A: It certainly doesn’t bode well. Any person who doesn’t make an effort to focus on you during a date is probably either rude or just not that smitten. In either case, this may not be someone you should bend over backwards to see again. If he does call for another date, ask about his plans upfront to make sure your time together is one-on-one. If he whips out his cell tell him, “I’d really prefer you turn that off so we can actually get to know one another.” Then you can judge if you like his more focused self—or if it’s time to disconnect.

Q: During my first date with this guy, all he did was brag about how big his job is, how nice his car is, and how many celebrities he’s met. He may be a nice guy underneath all that, but is it worth trying to break through?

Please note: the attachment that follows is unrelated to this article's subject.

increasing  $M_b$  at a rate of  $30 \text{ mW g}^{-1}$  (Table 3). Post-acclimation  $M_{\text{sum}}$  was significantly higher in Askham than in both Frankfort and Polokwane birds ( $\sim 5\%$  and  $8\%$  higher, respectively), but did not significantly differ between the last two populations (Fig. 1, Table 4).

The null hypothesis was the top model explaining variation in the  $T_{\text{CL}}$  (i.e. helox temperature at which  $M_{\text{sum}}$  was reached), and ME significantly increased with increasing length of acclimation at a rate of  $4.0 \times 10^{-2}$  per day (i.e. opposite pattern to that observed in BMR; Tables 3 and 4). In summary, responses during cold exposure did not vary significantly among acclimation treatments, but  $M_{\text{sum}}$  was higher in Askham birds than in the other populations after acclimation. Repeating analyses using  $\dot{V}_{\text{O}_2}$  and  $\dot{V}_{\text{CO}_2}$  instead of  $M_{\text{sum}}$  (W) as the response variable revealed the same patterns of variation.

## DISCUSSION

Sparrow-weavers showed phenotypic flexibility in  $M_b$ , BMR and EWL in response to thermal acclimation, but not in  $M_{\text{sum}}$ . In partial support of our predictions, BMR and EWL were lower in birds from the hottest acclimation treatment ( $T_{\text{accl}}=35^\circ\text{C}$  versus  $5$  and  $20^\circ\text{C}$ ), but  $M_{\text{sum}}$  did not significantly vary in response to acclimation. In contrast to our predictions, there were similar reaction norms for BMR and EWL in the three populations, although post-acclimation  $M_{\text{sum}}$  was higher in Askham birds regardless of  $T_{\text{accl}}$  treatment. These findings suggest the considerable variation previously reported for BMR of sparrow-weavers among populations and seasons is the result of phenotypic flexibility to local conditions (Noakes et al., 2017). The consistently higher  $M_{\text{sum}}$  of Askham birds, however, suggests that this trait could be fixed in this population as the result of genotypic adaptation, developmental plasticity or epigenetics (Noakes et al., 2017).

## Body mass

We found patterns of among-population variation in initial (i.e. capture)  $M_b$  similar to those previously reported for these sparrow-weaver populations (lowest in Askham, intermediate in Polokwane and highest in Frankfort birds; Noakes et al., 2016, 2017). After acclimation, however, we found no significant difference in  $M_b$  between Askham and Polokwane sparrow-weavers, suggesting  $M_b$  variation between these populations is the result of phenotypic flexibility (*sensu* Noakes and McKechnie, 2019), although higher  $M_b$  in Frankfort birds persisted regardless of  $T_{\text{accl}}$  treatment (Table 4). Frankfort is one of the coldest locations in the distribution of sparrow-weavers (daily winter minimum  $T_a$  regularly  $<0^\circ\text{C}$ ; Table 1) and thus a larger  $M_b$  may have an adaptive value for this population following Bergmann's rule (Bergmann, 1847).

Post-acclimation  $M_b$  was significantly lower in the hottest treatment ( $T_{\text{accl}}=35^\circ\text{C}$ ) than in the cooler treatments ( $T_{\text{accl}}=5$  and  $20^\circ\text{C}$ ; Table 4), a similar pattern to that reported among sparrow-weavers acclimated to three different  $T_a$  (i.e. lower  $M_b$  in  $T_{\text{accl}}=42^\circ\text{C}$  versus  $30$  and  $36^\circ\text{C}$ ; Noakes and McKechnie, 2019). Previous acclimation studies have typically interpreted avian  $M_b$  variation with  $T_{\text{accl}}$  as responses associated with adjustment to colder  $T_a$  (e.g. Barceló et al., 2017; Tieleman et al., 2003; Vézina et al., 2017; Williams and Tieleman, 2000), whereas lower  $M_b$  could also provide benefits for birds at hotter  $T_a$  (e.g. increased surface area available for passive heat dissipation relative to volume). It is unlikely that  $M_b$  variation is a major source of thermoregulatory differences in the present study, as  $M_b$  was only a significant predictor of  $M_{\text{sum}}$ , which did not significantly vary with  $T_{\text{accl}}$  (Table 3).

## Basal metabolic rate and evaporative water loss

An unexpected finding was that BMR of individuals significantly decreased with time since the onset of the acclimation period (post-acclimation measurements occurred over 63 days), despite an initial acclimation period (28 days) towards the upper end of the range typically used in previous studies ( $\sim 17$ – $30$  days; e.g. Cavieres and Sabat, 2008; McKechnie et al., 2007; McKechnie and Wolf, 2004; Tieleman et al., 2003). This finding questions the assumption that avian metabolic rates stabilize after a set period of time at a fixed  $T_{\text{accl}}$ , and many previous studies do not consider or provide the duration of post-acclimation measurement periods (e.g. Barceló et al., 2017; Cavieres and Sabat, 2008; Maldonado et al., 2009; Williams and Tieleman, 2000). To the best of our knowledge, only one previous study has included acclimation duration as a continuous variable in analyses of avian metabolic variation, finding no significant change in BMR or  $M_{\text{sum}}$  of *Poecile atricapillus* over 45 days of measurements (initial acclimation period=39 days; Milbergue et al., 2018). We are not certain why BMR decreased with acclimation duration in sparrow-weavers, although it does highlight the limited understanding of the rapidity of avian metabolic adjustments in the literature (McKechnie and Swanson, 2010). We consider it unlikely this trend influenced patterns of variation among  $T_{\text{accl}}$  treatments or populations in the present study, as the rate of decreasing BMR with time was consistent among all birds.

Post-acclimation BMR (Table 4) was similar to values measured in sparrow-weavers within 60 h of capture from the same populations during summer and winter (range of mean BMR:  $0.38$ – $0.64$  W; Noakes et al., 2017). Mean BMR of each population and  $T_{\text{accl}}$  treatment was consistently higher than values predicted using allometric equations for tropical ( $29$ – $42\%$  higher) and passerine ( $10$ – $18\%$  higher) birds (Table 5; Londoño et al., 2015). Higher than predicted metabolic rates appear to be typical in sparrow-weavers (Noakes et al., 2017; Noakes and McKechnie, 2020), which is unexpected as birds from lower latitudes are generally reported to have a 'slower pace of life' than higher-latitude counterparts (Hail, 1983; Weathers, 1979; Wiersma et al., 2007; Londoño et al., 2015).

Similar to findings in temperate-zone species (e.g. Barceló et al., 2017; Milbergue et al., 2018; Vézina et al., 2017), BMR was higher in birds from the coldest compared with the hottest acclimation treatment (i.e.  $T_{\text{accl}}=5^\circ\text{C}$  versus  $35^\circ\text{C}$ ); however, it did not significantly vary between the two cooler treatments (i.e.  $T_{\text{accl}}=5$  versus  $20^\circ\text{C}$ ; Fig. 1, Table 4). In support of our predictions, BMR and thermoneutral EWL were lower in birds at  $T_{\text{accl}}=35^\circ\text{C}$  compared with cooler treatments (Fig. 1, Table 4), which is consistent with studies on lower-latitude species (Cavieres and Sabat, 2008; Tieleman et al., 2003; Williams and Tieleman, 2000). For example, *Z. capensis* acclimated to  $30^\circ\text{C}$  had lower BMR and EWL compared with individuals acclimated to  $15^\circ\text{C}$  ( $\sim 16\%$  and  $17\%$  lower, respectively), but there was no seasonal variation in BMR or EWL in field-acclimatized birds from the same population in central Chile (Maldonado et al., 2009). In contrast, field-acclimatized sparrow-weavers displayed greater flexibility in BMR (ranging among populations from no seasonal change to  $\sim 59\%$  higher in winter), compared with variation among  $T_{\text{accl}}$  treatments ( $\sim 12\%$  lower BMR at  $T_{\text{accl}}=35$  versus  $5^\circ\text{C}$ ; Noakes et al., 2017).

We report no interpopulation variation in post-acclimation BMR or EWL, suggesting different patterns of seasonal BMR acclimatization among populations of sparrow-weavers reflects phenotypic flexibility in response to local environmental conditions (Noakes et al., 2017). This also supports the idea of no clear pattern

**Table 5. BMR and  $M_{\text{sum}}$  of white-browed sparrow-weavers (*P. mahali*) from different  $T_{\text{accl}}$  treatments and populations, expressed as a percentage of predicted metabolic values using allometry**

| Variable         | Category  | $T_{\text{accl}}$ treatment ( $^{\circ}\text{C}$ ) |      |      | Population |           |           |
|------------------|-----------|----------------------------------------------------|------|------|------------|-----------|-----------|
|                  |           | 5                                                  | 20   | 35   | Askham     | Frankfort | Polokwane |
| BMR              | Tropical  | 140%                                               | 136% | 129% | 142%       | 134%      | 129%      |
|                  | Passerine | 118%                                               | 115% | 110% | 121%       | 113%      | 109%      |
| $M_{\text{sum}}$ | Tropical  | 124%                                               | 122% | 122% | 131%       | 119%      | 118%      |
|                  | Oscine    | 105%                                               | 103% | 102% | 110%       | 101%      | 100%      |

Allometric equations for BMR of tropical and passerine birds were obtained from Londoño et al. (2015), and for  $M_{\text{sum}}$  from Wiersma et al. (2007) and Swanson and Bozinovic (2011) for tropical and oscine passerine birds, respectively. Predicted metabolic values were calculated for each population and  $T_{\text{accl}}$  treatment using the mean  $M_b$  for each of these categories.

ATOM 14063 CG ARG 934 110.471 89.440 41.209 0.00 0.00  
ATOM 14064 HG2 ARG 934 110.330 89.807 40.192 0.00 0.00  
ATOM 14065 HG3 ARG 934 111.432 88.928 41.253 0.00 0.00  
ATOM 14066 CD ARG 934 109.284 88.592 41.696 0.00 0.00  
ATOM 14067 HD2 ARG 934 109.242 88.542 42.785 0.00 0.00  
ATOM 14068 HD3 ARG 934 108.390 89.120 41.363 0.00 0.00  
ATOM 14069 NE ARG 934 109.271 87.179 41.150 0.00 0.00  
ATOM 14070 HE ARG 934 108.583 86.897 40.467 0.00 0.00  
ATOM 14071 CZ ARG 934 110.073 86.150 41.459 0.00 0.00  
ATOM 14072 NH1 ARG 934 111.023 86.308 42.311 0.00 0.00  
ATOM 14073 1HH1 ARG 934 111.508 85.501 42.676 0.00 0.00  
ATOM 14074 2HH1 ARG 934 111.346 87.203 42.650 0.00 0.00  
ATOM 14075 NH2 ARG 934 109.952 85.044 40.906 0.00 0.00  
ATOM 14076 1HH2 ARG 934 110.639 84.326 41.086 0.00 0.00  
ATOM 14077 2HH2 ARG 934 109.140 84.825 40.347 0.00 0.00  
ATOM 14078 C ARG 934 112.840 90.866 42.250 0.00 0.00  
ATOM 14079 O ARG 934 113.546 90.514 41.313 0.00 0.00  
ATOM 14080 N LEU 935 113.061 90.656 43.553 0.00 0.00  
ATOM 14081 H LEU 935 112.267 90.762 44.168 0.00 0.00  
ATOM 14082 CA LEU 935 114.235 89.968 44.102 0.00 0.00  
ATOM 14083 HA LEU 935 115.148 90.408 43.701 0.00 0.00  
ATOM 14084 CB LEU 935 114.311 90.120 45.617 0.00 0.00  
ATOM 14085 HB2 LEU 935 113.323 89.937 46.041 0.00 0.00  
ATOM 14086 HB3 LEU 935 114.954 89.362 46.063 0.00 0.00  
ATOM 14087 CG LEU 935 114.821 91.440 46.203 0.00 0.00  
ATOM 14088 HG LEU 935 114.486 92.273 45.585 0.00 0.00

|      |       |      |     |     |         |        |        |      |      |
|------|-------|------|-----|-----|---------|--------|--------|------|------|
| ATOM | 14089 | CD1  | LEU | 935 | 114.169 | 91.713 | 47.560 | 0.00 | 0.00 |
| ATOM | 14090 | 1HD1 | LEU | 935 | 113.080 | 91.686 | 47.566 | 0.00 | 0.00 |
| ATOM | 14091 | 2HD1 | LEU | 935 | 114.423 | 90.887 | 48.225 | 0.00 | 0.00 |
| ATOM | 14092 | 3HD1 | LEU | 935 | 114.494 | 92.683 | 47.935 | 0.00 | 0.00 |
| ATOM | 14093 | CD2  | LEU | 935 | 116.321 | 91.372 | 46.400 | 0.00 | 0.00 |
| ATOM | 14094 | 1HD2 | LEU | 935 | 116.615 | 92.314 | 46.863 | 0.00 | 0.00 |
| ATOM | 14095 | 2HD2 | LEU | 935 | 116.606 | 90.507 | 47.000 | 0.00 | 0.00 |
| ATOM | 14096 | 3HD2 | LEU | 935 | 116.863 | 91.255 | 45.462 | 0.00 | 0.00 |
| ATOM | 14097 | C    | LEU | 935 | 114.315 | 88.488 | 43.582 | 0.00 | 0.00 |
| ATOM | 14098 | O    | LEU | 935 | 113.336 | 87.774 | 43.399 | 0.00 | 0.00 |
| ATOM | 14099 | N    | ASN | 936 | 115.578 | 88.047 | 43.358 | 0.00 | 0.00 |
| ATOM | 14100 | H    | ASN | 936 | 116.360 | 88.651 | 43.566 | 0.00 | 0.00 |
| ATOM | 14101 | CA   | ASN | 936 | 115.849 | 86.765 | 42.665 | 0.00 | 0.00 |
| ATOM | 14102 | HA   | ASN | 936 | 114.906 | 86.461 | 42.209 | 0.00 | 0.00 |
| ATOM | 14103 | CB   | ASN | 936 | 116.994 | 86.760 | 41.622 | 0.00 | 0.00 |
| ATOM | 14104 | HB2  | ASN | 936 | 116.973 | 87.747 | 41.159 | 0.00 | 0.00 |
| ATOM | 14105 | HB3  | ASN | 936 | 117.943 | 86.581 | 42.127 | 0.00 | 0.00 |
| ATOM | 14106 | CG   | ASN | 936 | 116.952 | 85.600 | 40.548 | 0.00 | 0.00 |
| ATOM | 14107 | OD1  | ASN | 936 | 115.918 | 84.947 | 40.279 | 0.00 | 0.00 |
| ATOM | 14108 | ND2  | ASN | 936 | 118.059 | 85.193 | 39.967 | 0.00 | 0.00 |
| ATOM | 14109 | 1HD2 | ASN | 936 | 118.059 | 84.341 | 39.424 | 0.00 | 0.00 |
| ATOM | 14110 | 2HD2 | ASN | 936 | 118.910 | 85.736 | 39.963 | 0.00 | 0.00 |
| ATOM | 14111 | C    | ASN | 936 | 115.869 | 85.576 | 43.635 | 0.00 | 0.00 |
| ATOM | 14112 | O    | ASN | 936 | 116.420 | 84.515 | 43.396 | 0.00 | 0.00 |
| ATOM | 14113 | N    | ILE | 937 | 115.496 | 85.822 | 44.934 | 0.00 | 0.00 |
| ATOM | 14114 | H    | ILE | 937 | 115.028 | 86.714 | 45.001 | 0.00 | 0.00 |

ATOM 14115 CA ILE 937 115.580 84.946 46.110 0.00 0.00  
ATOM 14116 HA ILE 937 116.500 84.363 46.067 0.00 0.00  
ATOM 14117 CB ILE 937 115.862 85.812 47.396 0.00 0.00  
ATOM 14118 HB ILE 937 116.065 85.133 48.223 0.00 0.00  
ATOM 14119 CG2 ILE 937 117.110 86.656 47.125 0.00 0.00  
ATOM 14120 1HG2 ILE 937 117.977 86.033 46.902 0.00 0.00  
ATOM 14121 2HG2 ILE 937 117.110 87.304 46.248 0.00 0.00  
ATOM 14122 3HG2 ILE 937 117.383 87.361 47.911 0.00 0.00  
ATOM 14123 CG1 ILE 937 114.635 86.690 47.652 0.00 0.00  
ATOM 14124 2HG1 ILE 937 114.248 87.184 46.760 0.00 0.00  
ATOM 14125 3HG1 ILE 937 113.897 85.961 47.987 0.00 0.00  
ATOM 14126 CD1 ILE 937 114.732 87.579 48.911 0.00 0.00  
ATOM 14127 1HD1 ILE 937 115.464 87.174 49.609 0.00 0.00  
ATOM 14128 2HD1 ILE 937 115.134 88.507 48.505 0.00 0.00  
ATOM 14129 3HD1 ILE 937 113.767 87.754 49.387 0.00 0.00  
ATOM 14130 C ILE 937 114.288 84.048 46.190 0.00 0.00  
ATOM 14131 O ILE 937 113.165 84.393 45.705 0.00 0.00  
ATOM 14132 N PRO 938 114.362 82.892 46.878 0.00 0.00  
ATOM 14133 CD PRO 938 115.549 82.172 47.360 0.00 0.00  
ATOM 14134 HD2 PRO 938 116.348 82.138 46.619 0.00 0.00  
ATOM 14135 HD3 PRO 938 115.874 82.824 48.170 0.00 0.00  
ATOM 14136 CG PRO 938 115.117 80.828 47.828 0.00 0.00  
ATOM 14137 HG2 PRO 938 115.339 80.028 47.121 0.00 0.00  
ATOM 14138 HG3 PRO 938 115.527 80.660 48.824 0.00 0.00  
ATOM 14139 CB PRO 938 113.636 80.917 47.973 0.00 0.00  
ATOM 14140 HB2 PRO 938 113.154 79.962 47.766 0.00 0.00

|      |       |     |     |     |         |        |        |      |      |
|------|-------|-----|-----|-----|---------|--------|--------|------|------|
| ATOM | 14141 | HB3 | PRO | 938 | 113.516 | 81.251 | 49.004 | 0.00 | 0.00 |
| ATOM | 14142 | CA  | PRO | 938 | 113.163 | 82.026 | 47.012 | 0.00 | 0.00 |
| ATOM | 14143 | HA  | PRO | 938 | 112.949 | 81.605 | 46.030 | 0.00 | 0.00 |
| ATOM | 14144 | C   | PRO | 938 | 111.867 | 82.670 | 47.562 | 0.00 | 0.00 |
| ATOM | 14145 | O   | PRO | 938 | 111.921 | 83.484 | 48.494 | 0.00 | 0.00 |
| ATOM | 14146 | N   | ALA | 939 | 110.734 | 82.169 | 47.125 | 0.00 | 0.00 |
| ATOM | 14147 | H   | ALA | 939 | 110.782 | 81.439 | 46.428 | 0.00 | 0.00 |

A: Ooh, this is a tough one. And the fact is, it’s going to take a second date to figure it out. On the one hand, “He sounds narcissistic and arrogant,” says Cardinal. But then again, “he’s obviously deeply insecure and probably very nervous,” says Wolf, “and that’s a lethal combination for a first date.” If you thought he was a plain old bragging jerk, you wouldn’t be asking if you should go on another date—you’d have already kicked him to the curb. So the fact that you’re asking shows you probably sensed there is more to him, and it might be worth giving him one more chance to show his true colors. Is it possible there was something about you that made him think he had something to prove? Like, say, you always date powerful, successful men? He may have felt he needed to live up to that. Next time, when he goes on about his fancy suit, stop him. Say, “Just for the record, money doesn’t really impress me, so you don’t have to mention it.” Or, suggest swapping embarrassing stories—and tell yours first. Then he may feel more comfortable letting his guard down. That’s when you’ll be able to tell whether a real relationship can thrive.

">Amy Spencer writes for Glamour, Maxim, Real Simple, and other publications.